Monday, October 13, 2008

Homily for 28th Sunday Year A

We all have choices: Doritoes or Cheetos, Chips Ahoy! or Oreos, Roncalli or Central…well at least sometimes you can choose both. As a Catholic priest, one nice thing about the Mass is that I don’t make many choices. The Church has set out the color of vestments, the prayers for each Sunday and the readings. But every once and a while, the Church throws us a curve ball and says, “You can choose between the long and the short form of the reading.”

Now, you might think there wouldn’t be much different between the long and the short form, but you’d think wrong. Today’s Gospel, if I had read the short form, would have ended:
“Go out, therefore, into the main roads
and invite to the feast whomever you find.’
The servants went out into the streets
and gathered all they found, bad and good alike,
and the hall was filled with guests.”

But the whole Gospel passage, indeed, the whole story that Jesus tells in this 22nd Chapter of Matthew’s Gospel ends with this thought:
“Then the king said to his attendants, 'Bind his hands and feet,
and cast him into the darkness outside,
where there will be wailing and grinding of teeth.’
Many are invited, but few are chosen."

What a difference?

So if Jesus ended his parable the first way, my homily to you would have three parts: First, invite people to Mass, second, invite people to Mass, and third, invite people to Mass. Fr. Joe and I try to do that already but you meet and know so many more, whether in your work place or your neighborhoods. You know people who got mad with priests or had a tragedy and left the Church, invite them back. Maybe they aren’t Catholic but are interested in the fullness of the Christian life, invite them to join our RCIA classes that just started, or simply give us a call with their name and phone number so we can reach out to them.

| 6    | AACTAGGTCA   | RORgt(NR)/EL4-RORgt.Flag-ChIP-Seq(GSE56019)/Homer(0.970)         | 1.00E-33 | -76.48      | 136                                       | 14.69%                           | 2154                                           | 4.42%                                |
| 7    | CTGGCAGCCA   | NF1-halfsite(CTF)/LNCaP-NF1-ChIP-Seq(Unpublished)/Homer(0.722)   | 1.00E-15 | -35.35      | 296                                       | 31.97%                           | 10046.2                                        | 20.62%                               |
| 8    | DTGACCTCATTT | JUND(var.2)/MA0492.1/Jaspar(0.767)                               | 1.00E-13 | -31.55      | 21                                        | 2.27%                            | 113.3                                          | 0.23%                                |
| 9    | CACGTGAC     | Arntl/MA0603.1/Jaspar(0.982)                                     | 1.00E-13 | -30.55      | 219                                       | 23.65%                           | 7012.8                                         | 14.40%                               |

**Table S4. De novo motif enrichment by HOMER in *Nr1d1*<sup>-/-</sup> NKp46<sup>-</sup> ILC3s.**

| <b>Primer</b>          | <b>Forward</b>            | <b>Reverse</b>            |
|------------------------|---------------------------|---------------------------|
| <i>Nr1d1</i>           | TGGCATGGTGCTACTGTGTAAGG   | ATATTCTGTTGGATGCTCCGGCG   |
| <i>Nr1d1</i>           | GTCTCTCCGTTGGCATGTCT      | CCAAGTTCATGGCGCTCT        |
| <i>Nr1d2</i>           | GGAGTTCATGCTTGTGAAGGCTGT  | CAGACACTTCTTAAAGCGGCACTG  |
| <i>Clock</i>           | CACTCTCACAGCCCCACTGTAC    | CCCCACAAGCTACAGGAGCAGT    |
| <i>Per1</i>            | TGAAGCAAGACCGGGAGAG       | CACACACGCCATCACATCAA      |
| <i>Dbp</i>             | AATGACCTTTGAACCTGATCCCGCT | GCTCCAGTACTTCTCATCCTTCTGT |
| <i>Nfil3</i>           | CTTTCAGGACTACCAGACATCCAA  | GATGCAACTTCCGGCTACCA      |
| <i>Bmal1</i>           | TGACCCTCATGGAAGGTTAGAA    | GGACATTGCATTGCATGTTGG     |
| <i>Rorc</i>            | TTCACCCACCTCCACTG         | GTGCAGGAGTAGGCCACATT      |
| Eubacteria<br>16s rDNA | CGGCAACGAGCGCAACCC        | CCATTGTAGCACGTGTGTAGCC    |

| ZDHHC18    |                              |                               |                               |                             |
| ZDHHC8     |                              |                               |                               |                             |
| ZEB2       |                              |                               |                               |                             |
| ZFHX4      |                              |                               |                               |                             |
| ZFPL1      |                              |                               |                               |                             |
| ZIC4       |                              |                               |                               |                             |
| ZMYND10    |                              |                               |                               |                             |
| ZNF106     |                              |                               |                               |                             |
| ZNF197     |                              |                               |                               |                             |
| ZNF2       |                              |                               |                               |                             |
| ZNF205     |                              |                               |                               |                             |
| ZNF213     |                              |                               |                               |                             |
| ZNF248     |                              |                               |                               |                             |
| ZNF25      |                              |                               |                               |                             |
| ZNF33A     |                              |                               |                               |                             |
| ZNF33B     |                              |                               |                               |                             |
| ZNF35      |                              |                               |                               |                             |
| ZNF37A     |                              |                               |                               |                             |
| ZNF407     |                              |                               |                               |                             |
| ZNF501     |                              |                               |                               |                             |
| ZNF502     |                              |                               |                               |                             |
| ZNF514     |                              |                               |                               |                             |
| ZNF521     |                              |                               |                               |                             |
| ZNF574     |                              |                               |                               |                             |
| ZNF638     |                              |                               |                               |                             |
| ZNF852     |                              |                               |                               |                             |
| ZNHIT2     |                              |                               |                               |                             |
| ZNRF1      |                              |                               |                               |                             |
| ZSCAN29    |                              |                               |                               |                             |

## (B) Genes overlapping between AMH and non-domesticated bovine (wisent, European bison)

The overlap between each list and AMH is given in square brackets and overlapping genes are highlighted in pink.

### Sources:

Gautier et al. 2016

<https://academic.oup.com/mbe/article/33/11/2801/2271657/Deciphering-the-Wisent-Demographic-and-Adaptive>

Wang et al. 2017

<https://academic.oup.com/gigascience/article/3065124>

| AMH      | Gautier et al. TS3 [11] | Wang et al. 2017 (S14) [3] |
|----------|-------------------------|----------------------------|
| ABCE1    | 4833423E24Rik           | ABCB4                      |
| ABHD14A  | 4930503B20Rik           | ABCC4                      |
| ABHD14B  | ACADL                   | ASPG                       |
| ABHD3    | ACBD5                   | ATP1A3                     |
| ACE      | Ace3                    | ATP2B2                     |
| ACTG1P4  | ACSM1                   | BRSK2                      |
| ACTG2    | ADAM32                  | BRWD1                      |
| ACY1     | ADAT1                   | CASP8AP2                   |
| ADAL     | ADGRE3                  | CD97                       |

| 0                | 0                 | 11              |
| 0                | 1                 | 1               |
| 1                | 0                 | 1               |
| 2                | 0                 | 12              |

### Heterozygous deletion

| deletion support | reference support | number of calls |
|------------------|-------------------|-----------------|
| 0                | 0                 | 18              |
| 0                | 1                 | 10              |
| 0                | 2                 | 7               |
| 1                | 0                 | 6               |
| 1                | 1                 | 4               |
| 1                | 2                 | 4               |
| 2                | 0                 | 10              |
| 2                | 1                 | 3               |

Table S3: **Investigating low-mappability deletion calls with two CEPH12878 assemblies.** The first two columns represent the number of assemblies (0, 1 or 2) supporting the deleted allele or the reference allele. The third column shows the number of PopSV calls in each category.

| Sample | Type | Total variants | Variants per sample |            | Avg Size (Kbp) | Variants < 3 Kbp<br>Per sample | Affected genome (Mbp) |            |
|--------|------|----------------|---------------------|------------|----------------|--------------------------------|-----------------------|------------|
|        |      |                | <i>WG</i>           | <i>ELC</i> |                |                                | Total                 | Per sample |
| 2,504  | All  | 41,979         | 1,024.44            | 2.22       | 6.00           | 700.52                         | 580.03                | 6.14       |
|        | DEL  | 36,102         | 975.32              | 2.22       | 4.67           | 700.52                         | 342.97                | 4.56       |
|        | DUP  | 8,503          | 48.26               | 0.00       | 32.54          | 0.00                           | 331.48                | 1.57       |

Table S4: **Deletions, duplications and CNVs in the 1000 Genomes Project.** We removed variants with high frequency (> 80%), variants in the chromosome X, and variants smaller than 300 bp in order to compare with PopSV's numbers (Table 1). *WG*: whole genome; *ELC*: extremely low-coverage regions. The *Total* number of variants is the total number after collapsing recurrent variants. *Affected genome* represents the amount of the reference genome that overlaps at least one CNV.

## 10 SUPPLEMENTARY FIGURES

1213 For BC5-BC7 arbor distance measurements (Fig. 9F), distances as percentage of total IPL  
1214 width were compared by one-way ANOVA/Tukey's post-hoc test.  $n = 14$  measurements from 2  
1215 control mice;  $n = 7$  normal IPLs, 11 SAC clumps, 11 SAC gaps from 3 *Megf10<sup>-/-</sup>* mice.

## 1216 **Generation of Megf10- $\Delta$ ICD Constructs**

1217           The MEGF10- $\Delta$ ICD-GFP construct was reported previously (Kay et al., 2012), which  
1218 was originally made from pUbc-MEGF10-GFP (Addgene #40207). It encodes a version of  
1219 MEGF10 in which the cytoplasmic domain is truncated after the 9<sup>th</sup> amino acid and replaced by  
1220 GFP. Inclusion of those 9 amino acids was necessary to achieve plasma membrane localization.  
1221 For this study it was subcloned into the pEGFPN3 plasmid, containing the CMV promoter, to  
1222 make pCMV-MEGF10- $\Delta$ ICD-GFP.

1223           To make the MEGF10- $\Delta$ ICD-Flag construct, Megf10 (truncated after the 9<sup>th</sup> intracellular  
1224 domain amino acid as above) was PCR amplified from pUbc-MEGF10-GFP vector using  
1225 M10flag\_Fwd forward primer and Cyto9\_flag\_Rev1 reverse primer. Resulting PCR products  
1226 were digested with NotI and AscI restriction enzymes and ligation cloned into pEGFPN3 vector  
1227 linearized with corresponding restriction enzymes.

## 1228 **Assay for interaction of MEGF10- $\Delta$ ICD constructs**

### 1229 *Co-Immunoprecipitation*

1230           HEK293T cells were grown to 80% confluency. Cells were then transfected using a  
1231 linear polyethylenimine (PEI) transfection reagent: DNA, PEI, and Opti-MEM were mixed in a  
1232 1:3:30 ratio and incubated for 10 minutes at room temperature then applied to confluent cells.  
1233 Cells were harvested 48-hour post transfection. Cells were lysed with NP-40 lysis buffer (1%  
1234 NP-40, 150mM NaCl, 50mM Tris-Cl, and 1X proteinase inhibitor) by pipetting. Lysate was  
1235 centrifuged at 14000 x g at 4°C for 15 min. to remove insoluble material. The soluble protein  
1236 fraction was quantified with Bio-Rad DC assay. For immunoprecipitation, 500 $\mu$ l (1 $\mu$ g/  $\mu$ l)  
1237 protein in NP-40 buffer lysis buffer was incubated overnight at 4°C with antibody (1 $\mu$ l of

Much like the Gospel, we might be comfortable stopping here, but, just like the Gospel, we need to continue on with this story of inviting people to Mass. Think about this poor fellow who was thrown out by the king, what were his neighbors thinking as they walked in with him. Surely someone else noticed that he wasn’t wearing a wedding garment? But no one said anything! If we invite people to Mass, we must not let them come unprepared.

First, invite them to Mass! Second, let them know that the Mass is different from a prayer service or Sunday Worship. The Mass is the prayer of Jesus Christ on the Cross. The Mass is not something we make up but Jesus’ own prayer in which the Holy Spirit allows us to take part. The Mass is the wedding feast of God and the human race through the Cross of Jesus Christ. With that in mind we need to remind our guests of the customs for this wedding feast.

If they are not Catholic, let them know that cannot invite them to receive communion when they join us. They have to wait for that full communion of the Sacraments and faith that comes at Easter time. If they are Catholic, gently remind them of the need for confession. Some people are afraid of confession, especially if they have been away from the life of the Church for some time. Don’t be afraid to invite them to come with you, leading by example is always very powerful. No one is too sinful or too far for a good confession.

When you invite them to Mass, remind them of the simple things you learned as a child but that might seem foreign to them. Remind them not to chew gum. Invite them to fast for one hour before Mass, just like you fast. Invite them to dress nicely- sometimes that small effort of a shirt or slacks to change into after a soccer match can be very moving. Finally, show them the missalette so they can see the prayers and readings.

The Holy Sacrifice of the Mass, this participation in Jesus’ own prayer, is the greatest gift that God has given us. Do not be afraid to invite in those who have left or forgotten it. Do not be afraid to invite your non-Catholic friends to consider the faith. Do not be afraid to let them know how to properly take part so they won’t feel awkward. Do let them know that through the Mass we can turn to the Lord.

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